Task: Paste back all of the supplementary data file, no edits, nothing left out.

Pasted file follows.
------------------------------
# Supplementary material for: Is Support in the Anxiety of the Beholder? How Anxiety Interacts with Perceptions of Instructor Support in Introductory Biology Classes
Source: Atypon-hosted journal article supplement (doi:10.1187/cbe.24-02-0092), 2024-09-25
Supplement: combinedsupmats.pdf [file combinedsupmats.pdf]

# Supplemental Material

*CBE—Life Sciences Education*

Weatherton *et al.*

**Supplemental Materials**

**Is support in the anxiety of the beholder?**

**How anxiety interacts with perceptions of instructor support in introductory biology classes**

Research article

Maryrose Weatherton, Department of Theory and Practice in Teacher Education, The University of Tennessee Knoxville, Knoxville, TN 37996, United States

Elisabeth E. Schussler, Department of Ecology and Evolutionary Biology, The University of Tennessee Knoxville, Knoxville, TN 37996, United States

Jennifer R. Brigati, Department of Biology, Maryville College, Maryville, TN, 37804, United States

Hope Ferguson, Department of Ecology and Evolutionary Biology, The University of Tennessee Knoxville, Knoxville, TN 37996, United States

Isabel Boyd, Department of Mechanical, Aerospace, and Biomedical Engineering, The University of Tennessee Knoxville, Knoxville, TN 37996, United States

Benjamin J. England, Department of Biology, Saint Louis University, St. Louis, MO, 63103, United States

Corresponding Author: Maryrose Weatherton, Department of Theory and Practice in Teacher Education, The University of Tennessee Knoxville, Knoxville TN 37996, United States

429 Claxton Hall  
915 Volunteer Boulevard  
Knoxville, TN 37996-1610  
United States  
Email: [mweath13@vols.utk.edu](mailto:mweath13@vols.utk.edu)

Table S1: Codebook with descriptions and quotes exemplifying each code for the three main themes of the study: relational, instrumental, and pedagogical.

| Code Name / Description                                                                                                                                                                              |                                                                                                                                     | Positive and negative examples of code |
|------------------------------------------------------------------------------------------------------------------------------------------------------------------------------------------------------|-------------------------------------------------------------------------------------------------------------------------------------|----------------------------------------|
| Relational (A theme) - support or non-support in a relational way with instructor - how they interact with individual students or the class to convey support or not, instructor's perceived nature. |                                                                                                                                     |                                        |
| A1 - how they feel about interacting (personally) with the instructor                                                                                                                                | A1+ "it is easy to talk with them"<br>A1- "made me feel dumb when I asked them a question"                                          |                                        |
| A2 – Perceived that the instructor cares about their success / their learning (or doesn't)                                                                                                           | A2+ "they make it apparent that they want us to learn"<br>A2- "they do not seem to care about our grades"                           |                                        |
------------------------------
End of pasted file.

# Supplementary material for: Is Support in the Anxiety of the Beholder? How Anxiety Interacts with Perceptions of Instructor Support in Introductory Biology Classes
Source: Atypon-hosted journal article supplement (doi:10.1187/cbe.24-02-0092), 2024-09-25
Supplement: combinedsupmats.pdf [file combinedsupmats.pdf]

# Supplemental Material

*CBE—Life Sciences Education*

Weatherton *et al.*

**Supplemental Materials**

**Is support in the anxiety of the beholder?**

**How anxiety interacts with perceptions of instructor support in introductory biology classes**

Research article

Maryrose Weatherton, Department of Theory and Practice in Teacher Education, The University of Tennessee Knoxville, Knoxville, TN 37996, United States

Elisabeth E. Schussler, Department of Ecology and Evolutionary Biology, The University of Tennessee Knoxville, Knoxville, TN 37996, United States

Jennifer R. Brigati, Department of Biology, Maryville College, Maryville, TN, 37804, United States

Hope Ferguson, Department of Ecology and Evolutionary Biology, The University of Tennessee Knoxville, Knoxville, TN 37996, United States

Isabel Boyd, Department of Mechanical, Aerospace, and Biomedical Engineering, The University of Tennessee Knoxville, Knoxville, TN 37996, United States

Benjamin J. England, Department of Biology, Saint Louis University, St. Louis, MO, 63103, United States

Corresponding Author: Maryrose Weatherton, Department of Theory and Practice in Teacher Education, The University of Tennessee Knoxville, Knoxville TN 37996, United States

429 Claxton Hall  
915 Volunteer Boulevard  
Knoxville, TN 37996-1610  
United States  
Email: [mweath13@vols.utk.edu](mailto:mweath13@vols.utk.edu)

Table S1: Codebook with descriptions and quotes exemplifying each code for the three main themes of the study: relational, instrumental, and pedagogical.

| Code Name / Description                                                                                                                                                                              |                                                                                                                                     | Positive and negative examples of code |
|------------------------------------------------------------------------------------------------------------------------------------------------------------------------------------------------------|-------------------------------------------------------------------------------------------------------------------------------------|----------------------------------------|
| Relational (A theme) - support or non-support in a relational way with instructor - how they interact with individual students or the class to convey support or not, instructor's perceived nature. |                                                                                                                                     |                                        |
| A1 - how they feel about interacting (personally) with the instructor                                                                                                                                | A1+ "it is easy to talk with them"<br>A1- "made me feel dumb when I asked them a question"                                          |                                        |
| A2 – Perceived that the instructor cares about their success / their learning (or doesn't)                                                                                                           | A2+ "they make it apparent that they want us to learn"<br>A2- "they do not seem to care about our grades"                           |                                        |